Chicago Transportation Chief’s Pitch for Elon Musk’s O’Hare Express, Annotated

CDOT Commissioner Rebekah Scheinfeld. Image: Chicago Sun-Times
CDOT Commissioner Rebekah Scheinfeld. Image: Chicago Sun-Times

Chicago Department of Transportation commissioner Rebekah Scheinfeld has overseen the completion of several good projects during her four years on the job, including the Loop Link bus rapid transit corridor, the Bloomingdale Trail, the Chicago Riverwalk, and 100 miles of new and upgraded bike lanes. (However, it’s worth noting all of these initiatives were launched by her higher-profile predecessor, Gabe Klein.)

Since Scheinfeld’s boss Mayor Rahm Emanuel isn’t running for reelection, it’s likely her tenure will end in a few months. So it’s a head-scratcher why the commissioner recently gave a full-throated endorsement of tech guru Elon Musk’s proposal to dig a tunnel from the Chicago Loop to O’Hare Airport and whisk travelers there at 125-150 mph in 8-16-person pods using “electric skate” technology. Actual transit experts have almost universally dismissed Musk’s plan as a fantasy based on nonexistent tech.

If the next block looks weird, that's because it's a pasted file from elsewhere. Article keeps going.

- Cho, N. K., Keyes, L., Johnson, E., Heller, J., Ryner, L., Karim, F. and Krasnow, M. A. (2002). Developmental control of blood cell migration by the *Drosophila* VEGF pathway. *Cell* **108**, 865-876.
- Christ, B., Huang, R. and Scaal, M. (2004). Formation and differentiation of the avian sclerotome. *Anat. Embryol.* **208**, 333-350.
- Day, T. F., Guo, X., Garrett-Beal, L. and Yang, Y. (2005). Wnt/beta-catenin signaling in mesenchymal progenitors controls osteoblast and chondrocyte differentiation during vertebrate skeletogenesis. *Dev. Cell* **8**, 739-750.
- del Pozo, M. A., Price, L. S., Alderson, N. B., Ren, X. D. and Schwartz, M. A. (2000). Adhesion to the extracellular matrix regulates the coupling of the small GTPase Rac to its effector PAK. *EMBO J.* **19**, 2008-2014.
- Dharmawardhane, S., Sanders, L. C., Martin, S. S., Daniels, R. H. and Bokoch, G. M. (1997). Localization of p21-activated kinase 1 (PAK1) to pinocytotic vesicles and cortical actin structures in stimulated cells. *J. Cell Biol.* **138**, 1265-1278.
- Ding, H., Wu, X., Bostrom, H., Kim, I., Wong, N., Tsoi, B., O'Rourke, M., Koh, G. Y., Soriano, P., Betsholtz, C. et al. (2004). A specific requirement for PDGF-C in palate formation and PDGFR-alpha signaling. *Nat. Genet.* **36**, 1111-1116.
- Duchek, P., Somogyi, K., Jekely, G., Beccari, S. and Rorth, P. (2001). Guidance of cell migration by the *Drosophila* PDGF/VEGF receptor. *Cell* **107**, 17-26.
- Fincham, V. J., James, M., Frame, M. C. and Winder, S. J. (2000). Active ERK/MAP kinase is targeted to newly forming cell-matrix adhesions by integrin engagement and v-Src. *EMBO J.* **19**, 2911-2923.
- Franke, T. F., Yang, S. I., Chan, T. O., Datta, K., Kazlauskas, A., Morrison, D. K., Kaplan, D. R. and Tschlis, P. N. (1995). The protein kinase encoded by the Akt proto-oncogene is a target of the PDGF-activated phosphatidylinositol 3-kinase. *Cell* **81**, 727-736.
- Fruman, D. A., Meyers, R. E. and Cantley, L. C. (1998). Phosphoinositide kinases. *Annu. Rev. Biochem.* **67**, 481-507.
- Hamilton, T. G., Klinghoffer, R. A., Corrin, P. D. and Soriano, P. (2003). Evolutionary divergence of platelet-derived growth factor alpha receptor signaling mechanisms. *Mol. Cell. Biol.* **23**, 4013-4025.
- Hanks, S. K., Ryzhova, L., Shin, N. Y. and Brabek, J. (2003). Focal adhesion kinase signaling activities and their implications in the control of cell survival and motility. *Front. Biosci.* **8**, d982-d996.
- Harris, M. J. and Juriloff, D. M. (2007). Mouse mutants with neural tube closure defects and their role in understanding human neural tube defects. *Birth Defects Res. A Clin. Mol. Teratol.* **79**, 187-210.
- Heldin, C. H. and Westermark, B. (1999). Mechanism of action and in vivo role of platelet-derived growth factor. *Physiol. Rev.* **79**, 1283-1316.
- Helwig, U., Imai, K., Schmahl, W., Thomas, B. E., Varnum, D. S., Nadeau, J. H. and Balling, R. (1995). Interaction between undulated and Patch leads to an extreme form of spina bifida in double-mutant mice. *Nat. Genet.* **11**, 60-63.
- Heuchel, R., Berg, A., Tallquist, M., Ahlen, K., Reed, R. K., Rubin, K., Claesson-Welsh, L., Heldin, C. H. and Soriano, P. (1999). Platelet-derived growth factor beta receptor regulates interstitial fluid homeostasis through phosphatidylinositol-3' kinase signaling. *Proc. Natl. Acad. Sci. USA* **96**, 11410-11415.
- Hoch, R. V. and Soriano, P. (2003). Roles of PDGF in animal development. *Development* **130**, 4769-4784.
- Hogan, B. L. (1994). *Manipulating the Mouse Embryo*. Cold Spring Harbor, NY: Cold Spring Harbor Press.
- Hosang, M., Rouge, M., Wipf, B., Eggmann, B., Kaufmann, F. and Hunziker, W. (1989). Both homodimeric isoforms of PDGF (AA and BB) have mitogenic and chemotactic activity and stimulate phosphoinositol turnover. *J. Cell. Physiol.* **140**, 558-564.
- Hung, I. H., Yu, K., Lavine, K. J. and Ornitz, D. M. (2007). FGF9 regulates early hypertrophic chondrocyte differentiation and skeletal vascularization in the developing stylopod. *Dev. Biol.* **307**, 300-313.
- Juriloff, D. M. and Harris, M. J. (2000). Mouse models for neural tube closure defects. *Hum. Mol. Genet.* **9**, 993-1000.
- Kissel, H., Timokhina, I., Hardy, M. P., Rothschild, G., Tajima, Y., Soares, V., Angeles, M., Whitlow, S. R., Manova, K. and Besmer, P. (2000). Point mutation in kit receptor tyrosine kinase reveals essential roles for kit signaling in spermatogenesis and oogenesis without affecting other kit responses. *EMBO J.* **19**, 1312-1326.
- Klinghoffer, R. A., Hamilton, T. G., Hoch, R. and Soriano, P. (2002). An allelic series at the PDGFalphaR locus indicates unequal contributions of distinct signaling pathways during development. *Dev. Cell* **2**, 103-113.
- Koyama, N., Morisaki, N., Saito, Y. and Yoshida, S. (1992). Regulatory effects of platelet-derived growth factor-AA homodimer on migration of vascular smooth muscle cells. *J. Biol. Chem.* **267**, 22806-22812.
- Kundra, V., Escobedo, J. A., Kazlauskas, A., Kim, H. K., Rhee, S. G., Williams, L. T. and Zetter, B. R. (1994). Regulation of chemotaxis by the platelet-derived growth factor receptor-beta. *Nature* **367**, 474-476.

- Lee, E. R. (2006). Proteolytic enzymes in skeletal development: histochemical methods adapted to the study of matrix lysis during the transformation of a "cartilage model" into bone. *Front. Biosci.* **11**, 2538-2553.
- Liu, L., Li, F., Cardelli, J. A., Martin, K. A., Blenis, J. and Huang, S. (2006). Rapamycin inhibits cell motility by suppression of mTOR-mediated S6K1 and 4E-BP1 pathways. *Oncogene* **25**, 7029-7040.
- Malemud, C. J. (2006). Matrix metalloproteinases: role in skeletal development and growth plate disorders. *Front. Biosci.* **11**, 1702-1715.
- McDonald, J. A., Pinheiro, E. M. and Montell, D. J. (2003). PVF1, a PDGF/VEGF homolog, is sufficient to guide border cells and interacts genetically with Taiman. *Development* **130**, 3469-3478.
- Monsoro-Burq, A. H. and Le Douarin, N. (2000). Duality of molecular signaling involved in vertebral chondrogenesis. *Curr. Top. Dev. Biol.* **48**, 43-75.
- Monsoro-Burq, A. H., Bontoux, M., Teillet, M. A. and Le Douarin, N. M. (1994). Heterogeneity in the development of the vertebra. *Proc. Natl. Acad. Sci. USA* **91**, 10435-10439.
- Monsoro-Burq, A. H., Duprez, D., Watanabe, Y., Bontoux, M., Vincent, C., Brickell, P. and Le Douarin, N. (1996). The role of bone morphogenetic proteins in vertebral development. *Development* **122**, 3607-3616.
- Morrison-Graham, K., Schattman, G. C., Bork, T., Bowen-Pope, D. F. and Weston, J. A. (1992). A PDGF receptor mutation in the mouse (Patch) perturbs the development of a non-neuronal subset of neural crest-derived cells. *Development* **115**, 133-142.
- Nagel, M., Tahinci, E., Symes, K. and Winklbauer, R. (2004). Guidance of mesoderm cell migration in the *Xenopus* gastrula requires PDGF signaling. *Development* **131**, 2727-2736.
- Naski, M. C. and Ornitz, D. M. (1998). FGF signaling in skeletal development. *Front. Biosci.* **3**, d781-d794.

Last week Musk held a press event to unveil a new 6,000-foot-long, 12-foot-wide tunnel in Hawthorn, California, in which attendees were taken on bumpy rides in a Tesla Model X through the passageway. In the wake of the demo, Scheinfeld gave an interview to the Chicago Sun-Times’ Fran Spielman in which she expressed full confidence in the O’Hare Express proposal. Moreover, she urged local alderman to promptly approve the project’s contract for fear of missing out on a once-in-a-lifetime opportunity. Let’s take a closer look at some of Scheinfeld’s key statements from the interview.